Within an organism, inter- and intra- tissue variation can also influence sampling protocols and data interpretation. Inter-tissue differences are likely due to routing of dietary macromolecules and variability in the biochemical constituents (e.g., amino acids) of the tissues, which do not undergo uniform fractionation during synthesis (Tuross et al., 2008; Wolf et al., 2011). In a controlled, long-term feeding trial of pigs maintained on consistent diet and drinking water sources, a large isotopic range was observed across different tissues: over 200‰ in δ2H values and 8‰ in δ18O values (Tuross et al., 2008). Additionally, intra-tissue variability, or inherent variation, in stable isotope values within some tissues may be higher than in others. Values of δ18O in human nail samples were more variable than in scalp hair from the sample subjects (Fraser et al., 2006). In fishes, the least variability in δ2H values was observed in muscle compared to fin tissues, and therefore fin tissue should not be used unless the subsampling protocol is standardized or whole fins are homogenized prior to analysis (Graham et al., 2013; Hayden et al., 2015).

Another factor to consider in sample preparation is the presence of lipids, particularly in measuring δ2H values, as the 2H content of lipids is typically much lower than that of proteinaceous tissues (Estep and Hoering, 1980; Hobson et al., 1999a; Soto et al., 2013c). For example, lipid δ2H values were up to 200‰ lower than other tissues such as muscle, blood, hair, or bone collagen in mammals (Tuross et al., 2008; Kirsanow and Tuross, 2011) and 55–110‰ lower than muscle and liver in fish (Soto et al., 2013b; Newsome et al., in review). The type of lipids present in a tissue may also affect the lipid isotopic composition, as different fats can be synthesized though varying biochemical pathways (Estep and Hoering, 1980; Zhang et al., 2009). Thus, tissues that have a high or variable proportion of lipids can affect the interpretation of δ2H values. Given the small magnitude of the δ2H shift observed across a variety of samples, a failure to correct for lipids affected mixing model results minimally (Wilkinson et al., 2015). However, if the lipid content differs between consumers and end members, there is a potential for some bias in the mixing model results (Wilkinson et al., 2015). In addition, the presence of lipids may affect the exchangeable H content and the interpretation of bulk δ2H values when the comparative equilibration method is used for δ2H analysis (Wassenaar and Hobson, 2000). More specifically, H in lipids is mainly bound to carbon and is not exchangeable with ambient water vapor at low temperatures, whereas H in proteins does exchange (Wassenaar and Hobson, 2000), and thus the overall lipid content can add variance to measured non-exchangeable δ2H values when the lipid proportion is variable among samples. As this field advances, there may also be utility in considering the isotopic composition of lipids in dietary items. Lipid-derived H can likely be used by eukaryotes to synthesis non-essential amino acids and construct proteinacious tissues, which has been shown to occur for C in lab mice that are fed diets 10–40% lipid (by weight) (Newsome et al., 2014; Wolf et al., 2015). Nevertheless, lipid extraction is currently recommended to maximize accuracy of δ2H measurements and mixing model outputs.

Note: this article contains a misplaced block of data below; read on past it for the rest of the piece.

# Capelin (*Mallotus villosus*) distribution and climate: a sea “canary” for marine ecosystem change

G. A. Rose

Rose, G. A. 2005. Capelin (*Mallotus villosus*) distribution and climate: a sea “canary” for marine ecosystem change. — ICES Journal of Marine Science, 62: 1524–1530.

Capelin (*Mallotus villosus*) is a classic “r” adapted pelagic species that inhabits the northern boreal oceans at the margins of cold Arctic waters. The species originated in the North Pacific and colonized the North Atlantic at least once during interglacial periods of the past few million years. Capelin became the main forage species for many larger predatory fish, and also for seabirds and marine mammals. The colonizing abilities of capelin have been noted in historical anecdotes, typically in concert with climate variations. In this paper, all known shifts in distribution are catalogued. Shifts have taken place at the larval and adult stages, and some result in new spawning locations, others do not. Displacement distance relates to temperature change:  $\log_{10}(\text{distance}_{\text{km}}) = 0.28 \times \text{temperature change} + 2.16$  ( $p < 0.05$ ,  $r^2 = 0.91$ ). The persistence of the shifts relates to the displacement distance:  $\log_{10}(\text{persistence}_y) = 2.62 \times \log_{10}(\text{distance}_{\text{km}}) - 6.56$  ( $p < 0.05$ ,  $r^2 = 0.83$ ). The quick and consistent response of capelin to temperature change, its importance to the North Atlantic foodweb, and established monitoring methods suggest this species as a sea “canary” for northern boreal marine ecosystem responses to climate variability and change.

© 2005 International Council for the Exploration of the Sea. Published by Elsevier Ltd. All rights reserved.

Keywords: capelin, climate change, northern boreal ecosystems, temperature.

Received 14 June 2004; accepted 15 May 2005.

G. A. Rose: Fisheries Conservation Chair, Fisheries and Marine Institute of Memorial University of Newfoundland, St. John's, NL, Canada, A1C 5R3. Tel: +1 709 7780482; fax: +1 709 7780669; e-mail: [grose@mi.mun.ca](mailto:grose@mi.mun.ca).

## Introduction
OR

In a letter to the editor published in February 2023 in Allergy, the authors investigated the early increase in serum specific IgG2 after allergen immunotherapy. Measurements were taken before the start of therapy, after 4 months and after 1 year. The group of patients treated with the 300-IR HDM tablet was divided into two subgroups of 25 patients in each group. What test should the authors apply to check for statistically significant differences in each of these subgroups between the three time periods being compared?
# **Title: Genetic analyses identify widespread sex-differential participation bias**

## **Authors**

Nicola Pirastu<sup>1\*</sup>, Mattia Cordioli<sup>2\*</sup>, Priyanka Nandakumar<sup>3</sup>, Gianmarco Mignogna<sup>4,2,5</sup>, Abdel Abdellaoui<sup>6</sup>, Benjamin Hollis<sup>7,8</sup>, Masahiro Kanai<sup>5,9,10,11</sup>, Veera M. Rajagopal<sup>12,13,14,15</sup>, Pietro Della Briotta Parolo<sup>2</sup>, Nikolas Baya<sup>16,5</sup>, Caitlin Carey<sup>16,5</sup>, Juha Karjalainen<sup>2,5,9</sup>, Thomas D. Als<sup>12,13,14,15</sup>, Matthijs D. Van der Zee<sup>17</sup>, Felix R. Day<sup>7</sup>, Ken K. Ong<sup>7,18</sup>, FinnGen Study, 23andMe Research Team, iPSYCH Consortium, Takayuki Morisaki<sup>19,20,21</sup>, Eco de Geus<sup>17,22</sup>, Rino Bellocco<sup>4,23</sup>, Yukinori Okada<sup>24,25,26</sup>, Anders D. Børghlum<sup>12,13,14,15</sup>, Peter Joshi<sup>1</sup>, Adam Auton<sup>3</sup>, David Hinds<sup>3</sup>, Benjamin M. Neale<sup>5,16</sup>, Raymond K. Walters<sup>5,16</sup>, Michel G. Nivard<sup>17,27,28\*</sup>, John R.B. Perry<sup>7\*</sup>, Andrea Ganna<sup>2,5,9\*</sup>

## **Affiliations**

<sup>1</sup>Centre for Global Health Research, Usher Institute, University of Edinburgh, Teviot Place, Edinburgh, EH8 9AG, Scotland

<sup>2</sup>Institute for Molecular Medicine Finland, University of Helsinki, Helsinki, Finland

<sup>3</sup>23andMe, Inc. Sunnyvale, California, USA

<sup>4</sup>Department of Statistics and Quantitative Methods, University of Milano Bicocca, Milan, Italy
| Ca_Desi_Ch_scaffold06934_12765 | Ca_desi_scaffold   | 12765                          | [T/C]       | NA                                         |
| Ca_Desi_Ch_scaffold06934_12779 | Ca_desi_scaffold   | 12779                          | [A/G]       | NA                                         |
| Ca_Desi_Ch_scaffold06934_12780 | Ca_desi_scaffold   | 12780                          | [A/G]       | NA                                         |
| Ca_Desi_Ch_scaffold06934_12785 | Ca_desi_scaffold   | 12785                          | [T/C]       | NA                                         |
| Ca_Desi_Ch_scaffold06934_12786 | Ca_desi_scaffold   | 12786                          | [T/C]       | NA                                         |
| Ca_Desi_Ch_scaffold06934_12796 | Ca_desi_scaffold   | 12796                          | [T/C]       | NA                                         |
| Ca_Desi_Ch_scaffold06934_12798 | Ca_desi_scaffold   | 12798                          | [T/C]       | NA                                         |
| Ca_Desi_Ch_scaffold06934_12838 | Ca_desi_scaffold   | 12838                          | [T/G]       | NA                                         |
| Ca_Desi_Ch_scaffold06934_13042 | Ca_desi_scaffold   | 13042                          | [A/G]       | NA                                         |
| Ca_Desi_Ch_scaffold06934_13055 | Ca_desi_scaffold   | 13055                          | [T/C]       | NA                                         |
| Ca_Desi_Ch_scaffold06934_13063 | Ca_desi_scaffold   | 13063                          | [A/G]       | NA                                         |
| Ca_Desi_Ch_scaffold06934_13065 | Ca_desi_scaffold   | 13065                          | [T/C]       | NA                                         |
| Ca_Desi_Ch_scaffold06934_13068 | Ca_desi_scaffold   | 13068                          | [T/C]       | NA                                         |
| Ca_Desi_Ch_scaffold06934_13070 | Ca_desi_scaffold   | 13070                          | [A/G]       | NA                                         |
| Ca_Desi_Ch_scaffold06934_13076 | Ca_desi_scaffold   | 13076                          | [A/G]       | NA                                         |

Where to Go From Here

The measurement of δ2H and δ18O in the tissues of plants, wildlife, and people has emerged as a powerful tool, not only in the initial applications of tracking human/animal geographic origin and migration patterns, but also to understand the movement of energy and nutrients across ecosystem boundaries, food web relationships, and the physiologic status of organisms. Along with the exciting potential for scientific advances in ecosystem, food web, and organismal ecology, we have variable understanding of the mechanisms involved in integrating environmental water and dietary source H and O into organismal tissues illustrated in Figure 1. We highlight analytical considerations that will contribute to producing reliable analytical results across laboratories and identify knowledge gaps where continued investigation is encouraged.

Analytical Considerations